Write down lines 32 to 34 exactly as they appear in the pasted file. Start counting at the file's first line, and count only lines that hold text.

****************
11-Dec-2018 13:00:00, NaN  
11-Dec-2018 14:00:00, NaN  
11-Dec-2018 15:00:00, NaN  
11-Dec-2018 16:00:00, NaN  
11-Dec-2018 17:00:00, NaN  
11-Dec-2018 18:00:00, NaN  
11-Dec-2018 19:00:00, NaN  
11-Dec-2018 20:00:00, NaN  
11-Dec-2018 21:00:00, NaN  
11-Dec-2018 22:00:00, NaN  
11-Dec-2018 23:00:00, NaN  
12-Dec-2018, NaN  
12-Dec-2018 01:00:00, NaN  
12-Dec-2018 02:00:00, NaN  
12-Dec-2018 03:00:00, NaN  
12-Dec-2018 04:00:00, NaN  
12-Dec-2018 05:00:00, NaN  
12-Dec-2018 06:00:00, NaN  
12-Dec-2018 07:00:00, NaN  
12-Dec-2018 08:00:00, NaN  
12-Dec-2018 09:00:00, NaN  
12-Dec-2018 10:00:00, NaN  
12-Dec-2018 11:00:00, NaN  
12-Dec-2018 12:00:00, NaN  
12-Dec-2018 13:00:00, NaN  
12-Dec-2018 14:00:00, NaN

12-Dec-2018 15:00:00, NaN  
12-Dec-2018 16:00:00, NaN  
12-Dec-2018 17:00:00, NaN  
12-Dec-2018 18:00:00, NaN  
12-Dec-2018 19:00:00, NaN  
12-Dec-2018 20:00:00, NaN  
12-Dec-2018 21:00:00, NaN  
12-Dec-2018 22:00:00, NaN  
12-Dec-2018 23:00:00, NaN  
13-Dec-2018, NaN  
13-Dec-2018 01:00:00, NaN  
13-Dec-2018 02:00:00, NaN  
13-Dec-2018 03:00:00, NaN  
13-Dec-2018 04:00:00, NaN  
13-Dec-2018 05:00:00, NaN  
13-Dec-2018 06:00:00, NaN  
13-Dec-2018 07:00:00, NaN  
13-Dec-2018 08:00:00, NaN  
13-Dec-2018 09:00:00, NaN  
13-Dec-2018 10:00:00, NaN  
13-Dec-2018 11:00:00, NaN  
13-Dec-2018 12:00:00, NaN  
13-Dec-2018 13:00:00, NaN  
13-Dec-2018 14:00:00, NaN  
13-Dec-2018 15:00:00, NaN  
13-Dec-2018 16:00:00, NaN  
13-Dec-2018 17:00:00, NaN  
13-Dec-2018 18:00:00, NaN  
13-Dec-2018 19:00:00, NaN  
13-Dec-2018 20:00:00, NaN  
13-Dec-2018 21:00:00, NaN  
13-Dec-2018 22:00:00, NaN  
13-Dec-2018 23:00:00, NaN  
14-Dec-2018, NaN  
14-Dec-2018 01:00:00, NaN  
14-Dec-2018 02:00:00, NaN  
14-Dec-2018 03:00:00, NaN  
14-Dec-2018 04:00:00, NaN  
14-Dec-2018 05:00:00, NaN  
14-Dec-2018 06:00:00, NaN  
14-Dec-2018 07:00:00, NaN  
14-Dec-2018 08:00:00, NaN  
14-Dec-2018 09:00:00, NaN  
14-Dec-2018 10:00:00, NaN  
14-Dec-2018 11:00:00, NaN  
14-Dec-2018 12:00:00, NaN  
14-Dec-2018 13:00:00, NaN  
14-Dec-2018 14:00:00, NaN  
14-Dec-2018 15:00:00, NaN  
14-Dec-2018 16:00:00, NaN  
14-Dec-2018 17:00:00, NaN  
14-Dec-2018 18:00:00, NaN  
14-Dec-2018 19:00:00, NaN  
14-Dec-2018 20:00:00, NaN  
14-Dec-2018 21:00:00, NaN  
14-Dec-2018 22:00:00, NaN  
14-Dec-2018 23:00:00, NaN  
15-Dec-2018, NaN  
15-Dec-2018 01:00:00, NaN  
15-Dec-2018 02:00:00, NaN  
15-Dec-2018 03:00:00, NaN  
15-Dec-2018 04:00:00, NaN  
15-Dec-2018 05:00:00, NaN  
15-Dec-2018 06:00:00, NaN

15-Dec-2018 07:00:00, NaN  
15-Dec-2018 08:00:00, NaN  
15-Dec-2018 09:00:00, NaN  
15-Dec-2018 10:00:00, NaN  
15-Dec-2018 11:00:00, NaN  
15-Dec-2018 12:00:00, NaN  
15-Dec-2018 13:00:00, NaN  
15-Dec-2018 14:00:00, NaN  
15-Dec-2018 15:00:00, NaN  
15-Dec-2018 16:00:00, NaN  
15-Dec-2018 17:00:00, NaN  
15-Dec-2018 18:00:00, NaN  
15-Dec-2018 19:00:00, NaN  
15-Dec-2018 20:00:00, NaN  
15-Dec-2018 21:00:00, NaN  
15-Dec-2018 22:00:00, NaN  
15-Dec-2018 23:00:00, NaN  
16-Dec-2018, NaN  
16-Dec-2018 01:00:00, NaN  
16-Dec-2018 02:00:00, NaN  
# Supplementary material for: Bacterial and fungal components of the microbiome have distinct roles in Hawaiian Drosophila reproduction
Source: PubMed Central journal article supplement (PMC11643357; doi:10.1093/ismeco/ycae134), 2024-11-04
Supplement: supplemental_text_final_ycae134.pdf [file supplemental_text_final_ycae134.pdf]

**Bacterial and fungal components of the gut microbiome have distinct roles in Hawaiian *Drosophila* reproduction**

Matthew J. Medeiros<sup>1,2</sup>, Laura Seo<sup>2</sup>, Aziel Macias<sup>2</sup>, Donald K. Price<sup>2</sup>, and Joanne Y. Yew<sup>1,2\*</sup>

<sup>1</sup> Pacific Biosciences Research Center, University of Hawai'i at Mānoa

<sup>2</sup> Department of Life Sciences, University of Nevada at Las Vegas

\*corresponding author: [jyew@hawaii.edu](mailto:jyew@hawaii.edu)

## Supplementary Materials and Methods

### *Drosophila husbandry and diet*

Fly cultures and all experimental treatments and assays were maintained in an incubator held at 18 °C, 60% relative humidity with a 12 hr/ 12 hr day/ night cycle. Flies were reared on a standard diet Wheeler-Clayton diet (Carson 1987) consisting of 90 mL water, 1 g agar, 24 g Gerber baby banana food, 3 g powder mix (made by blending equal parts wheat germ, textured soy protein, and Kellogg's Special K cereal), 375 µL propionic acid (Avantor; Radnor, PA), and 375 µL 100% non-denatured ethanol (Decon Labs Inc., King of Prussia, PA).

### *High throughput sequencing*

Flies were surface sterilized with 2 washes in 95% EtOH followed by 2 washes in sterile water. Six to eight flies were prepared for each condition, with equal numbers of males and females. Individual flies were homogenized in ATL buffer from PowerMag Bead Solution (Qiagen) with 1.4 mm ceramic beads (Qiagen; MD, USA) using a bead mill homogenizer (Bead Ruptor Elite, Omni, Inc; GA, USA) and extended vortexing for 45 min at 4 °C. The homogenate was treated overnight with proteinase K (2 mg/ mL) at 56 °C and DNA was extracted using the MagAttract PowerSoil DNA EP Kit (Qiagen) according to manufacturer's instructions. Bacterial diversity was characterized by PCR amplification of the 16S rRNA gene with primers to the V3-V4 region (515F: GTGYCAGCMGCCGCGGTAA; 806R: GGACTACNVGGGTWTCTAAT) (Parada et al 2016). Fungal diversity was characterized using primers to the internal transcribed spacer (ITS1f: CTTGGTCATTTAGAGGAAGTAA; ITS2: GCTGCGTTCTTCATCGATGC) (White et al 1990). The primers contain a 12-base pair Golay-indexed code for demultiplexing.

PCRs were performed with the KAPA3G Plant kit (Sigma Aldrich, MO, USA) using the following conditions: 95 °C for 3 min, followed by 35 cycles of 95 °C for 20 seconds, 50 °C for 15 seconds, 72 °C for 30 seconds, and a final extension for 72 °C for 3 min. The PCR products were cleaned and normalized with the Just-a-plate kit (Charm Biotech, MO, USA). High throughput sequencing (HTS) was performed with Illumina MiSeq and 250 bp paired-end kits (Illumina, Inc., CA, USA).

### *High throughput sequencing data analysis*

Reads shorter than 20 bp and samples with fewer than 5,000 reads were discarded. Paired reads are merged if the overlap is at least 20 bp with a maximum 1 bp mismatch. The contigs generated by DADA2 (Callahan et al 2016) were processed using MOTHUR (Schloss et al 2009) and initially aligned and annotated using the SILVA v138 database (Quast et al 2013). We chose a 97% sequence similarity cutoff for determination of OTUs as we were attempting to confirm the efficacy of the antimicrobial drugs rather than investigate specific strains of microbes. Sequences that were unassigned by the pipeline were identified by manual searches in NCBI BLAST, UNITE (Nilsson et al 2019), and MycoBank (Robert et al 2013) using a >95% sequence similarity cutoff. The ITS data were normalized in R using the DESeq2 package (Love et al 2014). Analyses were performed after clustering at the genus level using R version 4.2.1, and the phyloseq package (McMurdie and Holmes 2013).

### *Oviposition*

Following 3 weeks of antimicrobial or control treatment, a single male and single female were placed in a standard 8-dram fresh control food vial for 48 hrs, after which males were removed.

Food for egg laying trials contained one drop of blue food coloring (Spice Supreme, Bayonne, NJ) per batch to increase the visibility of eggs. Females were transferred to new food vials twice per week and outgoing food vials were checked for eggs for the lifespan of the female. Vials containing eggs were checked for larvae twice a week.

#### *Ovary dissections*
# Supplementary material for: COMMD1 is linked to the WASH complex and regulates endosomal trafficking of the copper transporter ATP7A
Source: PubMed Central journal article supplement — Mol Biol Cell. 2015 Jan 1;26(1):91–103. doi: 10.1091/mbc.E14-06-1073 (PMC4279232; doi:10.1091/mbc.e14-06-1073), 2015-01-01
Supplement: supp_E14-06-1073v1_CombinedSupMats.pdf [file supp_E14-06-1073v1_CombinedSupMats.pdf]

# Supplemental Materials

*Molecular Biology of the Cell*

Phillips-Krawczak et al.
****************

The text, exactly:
12-Dec-2018 20:00:00, NaN  
12-Dec-2018 21:00:00, NaN  
12-Dec-2018 22:00:00, NaN  